According to Jacob's deathbed blessing/prophecy, Issachar is a strong-boned ass, crouching among the sheepfolds. When he saw how good was security [menuhah], and how pleasant was the country, he bent his shoulder to the burden, and became a toiling serf (Gen. 49:14-15). Geographically, in ancient Israel, the territory of the tribe of Issachar was sandwiched between the east and west territories of the tribe of Manasseh on either side of the Jordan. Thus Tola and his tribe, Issachar, were situated between two territories which contain sheepfolds, enclosures for sheep, as the Bible reports that the tribe of Manasseh had many sheep. The tribes of Reuben, Gad, and half of Manasseh originally wished to settle east of the Jordan to take advantage of the grazing fields: They stepped up to him [Moses] and said, 'We will build here sheepfolds for our flocks and towns for our children' (Num. 32:16). Thus the meaning of Jacob's blessing, crouching among the sheepfolds, may refer to the tribal territorial distribution and proximity of Issachar to both borders of east and west Manasseh.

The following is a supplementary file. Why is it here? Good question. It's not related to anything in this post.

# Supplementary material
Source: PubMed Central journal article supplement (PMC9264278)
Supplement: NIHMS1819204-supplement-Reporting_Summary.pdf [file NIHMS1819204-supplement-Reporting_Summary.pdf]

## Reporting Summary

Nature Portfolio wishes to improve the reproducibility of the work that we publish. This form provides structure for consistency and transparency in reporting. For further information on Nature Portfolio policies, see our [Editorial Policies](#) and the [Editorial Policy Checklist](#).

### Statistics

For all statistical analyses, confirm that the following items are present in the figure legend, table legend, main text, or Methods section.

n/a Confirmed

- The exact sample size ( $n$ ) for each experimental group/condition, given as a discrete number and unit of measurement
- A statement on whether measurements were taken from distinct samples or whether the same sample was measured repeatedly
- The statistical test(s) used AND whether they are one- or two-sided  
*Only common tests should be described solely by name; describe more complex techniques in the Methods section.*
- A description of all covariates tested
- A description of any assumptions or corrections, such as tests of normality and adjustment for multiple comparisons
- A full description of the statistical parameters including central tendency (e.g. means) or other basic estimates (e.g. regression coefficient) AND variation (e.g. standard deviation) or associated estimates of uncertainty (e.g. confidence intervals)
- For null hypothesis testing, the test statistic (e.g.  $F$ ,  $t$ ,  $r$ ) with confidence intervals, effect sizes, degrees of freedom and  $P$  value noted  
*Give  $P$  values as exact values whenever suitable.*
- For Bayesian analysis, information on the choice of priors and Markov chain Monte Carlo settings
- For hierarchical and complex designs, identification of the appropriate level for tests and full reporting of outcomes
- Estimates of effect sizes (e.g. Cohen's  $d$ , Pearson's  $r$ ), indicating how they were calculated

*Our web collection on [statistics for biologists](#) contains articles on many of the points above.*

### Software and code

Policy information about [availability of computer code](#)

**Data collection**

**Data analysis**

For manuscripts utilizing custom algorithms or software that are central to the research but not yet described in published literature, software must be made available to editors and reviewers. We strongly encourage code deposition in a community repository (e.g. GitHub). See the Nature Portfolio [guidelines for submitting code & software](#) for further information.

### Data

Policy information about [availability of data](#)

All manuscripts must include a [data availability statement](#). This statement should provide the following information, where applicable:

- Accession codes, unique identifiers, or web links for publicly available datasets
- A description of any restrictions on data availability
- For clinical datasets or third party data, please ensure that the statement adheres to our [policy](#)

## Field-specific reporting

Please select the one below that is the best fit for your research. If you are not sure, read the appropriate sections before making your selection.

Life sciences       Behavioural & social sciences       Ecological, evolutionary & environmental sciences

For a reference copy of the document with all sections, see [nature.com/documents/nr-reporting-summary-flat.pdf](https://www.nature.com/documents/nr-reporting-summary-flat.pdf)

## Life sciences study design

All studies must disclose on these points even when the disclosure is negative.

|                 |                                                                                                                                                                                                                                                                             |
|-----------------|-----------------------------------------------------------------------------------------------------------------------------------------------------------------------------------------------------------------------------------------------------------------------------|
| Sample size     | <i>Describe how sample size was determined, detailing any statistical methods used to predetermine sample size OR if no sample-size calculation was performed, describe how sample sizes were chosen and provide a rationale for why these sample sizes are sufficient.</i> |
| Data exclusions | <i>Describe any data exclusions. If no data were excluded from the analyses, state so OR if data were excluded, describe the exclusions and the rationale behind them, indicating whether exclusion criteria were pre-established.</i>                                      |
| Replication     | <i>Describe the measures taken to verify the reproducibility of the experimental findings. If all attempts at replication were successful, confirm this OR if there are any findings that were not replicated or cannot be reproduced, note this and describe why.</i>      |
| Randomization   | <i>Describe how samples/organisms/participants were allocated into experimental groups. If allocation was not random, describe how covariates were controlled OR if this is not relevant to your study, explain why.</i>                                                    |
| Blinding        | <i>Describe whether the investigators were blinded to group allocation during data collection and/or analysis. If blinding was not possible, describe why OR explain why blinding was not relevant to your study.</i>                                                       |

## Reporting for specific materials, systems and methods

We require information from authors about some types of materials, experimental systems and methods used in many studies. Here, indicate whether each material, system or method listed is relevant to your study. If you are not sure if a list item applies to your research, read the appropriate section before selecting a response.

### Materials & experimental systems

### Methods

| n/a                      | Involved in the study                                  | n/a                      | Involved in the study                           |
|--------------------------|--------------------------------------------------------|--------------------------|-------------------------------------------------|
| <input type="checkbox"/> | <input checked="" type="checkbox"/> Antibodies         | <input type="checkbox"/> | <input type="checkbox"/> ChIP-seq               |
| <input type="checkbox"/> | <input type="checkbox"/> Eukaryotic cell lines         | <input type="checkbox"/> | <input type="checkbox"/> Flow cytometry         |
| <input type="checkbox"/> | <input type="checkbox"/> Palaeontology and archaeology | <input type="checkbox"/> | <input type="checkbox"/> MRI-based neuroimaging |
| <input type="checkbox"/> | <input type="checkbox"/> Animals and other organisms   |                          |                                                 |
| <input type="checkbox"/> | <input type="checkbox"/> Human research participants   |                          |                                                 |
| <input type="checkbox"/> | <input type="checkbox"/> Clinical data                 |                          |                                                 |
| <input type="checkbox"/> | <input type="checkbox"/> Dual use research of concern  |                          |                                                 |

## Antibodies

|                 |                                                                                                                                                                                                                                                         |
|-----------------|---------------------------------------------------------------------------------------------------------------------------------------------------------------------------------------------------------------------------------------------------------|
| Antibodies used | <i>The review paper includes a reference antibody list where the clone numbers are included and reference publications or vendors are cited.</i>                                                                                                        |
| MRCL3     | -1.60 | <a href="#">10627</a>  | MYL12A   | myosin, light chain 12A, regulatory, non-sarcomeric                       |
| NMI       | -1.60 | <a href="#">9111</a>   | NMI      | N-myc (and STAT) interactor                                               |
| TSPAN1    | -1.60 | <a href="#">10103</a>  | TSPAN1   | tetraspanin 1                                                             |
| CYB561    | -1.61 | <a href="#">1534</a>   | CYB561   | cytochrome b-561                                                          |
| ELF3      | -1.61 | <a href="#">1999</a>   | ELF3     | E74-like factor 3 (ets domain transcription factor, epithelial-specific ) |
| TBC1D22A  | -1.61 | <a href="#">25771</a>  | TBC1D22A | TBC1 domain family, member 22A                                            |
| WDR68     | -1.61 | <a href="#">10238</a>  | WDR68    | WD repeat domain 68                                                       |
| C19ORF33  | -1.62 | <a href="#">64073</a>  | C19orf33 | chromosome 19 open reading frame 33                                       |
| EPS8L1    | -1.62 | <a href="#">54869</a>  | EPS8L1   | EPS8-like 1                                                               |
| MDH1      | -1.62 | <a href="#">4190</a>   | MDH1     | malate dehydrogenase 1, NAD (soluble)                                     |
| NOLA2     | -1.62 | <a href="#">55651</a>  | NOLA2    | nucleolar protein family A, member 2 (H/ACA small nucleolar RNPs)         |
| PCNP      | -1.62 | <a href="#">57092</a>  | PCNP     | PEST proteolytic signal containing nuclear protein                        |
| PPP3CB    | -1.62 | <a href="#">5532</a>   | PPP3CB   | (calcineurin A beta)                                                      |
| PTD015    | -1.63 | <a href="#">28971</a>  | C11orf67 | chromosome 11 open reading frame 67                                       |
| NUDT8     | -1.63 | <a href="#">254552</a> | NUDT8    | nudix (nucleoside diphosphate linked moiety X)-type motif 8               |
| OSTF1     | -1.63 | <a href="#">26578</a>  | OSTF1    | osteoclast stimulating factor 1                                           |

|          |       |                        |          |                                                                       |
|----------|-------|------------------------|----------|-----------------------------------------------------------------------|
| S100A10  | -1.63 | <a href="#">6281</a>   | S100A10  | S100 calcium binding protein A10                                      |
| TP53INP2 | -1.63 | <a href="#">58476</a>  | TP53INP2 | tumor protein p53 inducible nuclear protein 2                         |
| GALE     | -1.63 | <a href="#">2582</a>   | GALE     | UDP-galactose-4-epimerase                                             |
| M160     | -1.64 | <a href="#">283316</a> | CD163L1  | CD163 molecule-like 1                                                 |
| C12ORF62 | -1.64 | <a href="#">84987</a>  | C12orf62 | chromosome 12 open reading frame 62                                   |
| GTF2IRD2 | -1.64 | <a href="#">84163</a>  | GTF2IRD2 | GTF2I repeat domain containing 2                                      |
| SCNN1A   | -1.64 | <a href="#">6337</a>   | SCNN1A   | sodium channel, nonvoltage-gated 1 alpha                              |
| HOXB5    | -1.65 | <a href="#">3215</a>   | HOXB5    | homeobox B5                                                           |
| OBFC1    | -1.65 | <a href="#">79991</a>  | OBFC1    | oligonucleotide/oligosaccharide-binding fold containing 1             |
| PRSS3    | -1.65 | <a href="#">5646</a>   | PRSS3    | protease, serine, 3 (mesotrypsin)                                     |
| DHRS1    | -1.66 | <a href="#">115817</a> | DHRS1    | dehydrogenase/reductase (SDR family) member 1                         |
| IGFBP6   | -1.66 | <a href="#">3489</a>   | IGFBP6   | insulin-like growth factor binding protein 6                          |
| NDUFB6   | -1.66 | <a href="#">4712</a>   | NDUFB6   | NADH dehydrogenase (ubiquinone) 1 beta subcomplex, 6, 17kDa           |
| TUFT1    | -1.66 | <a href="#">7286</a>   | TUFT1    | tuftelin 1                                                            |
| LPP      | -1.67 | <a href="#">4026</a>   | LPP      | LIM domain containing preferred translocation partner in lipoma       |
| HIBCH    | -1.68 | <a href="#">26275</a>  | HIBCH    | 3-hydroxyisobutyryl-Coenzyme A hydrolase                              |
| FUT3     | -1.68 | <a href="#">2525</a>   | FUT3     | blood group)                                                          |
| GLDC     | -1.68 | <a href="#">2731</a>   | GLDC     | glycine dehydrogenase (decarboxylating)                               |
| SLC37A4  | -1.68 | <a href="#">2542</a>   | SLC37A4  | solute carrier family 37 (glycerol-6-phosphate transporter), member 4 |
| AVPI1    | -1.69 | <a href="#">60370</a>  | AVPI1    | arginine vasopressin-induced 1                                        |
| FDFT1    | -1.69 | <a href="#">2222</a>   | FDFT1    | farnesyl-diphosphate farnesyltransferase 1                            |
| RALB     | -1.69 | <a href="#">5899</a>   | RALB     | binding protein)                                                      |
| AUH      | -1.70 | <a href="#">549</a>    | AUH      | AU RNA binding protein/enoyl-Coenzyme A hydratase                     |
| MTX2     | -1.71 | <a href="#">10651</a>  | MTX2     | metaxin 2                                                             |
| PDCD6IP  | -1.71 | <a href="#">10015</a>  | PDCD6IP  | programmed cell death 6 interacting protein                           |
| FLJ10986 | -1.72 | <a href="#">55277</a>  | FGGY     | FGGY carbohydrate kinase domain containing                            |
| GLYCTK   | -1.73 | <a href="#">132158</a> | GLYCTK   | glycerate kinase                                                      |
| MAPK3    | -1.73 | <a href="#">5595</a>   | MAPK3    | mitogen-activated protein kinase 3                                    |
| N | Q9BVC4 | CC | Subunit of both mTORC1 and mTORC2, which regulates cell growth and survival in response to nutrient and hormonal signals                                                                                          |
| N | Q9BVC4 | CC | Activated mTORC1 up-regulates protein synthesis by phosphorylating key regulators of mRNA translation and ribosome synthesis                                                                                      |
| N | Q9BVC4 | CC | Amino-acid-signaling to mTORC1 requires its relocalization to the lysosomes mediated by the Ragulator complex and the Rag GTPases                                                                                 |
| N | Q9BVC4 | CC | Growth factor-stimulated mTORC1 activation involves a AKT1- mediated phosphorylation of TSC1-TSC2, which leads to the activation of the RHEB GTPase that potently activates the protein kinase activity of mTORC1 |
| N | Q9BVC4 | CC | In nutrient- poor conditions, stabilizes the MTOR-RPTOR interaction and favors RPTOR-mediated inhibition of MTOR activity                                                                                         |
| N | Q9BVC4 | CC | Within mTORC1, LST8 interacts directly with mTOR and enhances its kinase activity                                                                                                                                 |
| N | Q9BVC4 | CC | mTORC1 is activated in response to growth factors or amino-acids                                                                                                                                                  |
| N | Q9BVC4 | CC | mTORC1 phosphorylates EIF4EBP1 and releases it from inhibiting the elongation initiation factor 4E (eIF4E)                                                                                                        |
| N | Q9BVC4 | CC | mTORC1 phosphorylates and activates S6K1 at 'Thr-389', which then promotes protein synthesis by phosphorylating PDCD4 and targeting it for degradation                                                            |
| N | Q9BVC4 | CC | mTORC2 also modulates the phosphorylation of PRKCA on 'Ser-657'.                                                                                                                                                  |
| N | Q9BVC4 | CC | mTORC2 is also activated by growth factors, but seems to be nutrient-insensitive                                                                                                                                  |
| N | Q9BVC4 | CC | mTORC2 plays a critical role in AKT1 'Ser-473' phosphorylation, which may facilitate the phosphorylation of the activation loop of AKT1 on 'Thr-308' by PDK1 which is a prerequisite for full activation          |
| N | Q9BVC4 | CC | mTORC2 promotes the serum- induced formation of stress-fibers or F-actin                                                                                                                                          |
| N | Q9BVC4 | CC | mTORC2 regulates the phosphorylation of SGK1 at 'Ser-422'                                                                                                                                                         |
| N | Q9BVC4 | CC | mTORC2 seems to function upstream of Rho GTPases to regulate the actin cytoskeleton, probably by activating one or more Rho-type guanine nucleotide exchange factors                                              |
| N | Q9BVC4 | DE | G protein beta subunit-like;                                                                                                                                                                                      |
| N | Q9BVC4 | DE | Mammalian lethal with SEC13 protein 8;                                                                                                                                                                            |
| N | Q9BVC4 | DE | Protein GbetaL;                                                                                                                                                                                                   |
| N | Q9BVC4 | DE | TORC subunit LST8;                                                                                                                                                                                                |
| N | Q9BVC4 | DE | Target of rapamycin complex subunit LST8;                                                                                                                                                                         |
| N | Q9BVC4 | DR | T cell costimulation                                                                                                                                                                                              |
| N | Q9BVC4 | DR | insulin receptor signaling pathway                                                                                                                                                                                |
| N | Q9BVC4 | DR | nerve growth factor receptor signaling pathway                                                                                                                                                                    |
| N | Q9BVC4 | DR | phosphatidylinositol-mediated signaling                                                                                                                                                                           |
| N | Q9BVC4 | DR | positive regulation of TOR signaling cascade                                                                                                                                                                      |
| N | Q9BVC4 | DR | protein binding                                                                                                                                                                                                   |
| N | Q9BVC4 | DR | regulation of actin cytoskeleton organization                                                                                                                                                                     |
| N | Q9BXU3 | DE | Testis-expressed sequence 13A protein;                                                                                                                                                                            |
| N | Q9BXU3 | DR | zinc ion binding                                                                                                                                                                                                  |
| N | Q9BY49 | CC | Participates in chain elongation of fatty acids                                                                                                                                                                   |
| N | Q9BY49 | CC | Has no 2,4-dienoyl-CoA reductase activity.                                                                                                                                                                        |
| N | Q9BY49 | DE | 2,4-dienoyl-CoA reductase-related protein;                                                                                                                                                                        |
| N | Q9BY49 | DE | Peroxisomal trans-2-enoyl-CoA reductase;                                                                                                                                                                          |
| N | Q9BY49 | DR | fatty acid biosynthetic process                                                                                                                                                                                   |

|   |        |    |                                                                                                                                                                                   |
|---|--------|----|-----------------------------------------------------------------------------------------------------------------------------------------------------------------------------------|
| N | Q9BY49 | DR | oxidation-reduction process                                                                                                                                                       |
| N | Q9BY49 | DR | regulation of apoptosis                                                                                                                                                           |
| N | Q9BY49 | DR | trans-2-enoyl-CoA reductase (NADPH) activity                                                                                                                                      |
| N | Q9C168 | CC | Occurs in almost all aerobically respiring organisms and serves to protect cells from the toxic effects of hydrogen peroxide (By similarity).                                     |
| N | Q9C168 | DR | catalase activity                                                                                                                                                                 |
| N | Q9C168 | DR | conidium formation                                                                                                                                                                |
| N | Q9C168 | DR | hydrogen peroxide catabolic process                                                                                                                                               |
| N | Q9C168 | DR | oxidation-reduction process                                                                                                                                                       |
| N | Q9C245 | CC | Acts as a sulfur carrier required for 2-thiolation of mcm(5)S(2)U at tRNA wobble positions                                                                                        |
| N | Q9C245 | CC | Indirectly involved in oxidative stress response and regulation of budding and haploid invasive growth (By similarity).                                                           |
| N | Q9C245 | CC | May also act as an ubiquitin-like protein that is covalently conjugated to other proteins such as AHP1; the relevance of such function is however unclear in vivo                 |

Beyond this geographical idea, the blessing of Issachar gives a feeling of domestic calm. The domestication of the ass and sheep and the utilitarian production of wool all imply an atmosphere of serenity; of commerce rather than combat. This would add to the idea of tranquillity implied in the very brevity of the verses describing Tola's judgeship.